Just When I Think I’ve Got Something Figured Out…

I pay close attention as I walk through prairies.  I watch for tracks to see what animals are around and I notice which flowers are blooming and which insects are feeding on them.  Often, I notice changes in prairie plant communities and try to attribute them to our management treatments, weather patterns, or other factors.  Observations such as these are an important part of how I learn more about prairies and adjust the way we manage and restore them.

Observations are a critical component of understanding natural systems and how management and restoration actions affect them.

Careful observation helps ecologists and land managers understand how natural systems work and how they are impacted by management actions.  However, observations are tricky because they provide an incomplete picture of what’s happening and are influenced by personal bias.

Unfortunately, observations are inherently biased.  When I start to notice a pattern through observation, I construct a theory to explain it.  That’s good science.  However, once I have a theory in mind, it influences the way I see things – and I tend to interpret my observations based on my theory.  That means it’s pretty easy to start telling myself a story that sounds good, but isn’t actually true.  Sometimes, I figure out that my story is wrong through repeated observations.  More often, however, what causes me to stop and reconsider is cold hard data.  Here’s a recent example of my data showing me that I need to reconsider a theory based on observations.

Canada wildrye (Elymus canadensis) is a native cool-season grass that establishes very quickly from seed in our prairie restoration (cropfield conversion) work.  It is often very abundant during the early years of a seeding before settling down into the plant community after a few years as other prairie plants become more dominant.  A common complaint from those working with Conservation Reserve Program (CRP) or similar prairie seeding projects is that wildrye tends to disappear a few years after planting, leading people to question the value of including the species in the seed mixture.  However, in our restored prairies, I’ve observed that while Canada wildrye declines in abundance after the initial establishment phase of a seeding, it seems to persist pretty well at a moderate abundance from then on.  I’ve attributed that to our grazing management, which is partially aimed at periodically decreasing the vigor of dominant grasses.  Weakening dominant grasses should help prevent less dominant species such as Canada wildrye from being pushed out of the community altogether.

Canada wildrye  is a native cool-season grass that is common in our restored prairies.

Canada wildrye is a native cool-season grass that is common in our restored prairies.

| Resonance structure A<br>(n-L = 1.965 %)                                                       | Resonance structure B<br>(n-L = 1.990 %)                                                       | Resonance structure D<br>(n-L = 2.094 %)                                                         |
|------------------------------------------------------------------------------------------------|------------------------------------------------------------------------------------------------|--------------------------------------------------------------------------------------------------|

So, my theory (which I’ve shared with many people) has been that Canada wildrye is a grass species is tied to disturbance regimes.  If a prairie is managed with a mixture of intensive grazing periods and rest periods, wildrye can sustain a fairly steady population.  It was a good theory, and seemed to fit my observations.  Until last week, I was pretty happy with it.  Then I looked at some recent data.

One

These data were collected from about a hundred 1 meter square plots across a prairie.  Each time I laid down the plot frame, I listed the plant species found within it.  By looking at the data from all of the plots, I can calculate a frequency of occurrence for a plant species (the % of all plots it was found in).   The data in this graph were collected from a restored prairie seeded in 2002.

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Two

These data were collected from a restored prairie that was seeded in 2000.

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three

More data – this time from a restored prairie seeded in 2001.

From looking at the above three graphs, you might conclude that Canada wildrye populations stayed high for the first eight or nine years after planting a restored prairie and then started to taper off.  Another interpretation might be that our grazing was able to prop up those wildrye populations for a certain amount of time, but it is now starting to suffer the same fate my colleagues have complained about in CRP plantings.

Now, consider this next graph.

four

This graph shows data from the same 2002 planting as shown in the first graph (red lines in both graphs).  In this graph, however, the orange line is data from a large exclosure at the same site that has been burned but never grazed.  The two blue lines are from a different restored prairie seeded in 1995.  The dark blue has had fire and grazing management since 2002, while the light blue line is from a large exclosure at that site that has never had grazing within it.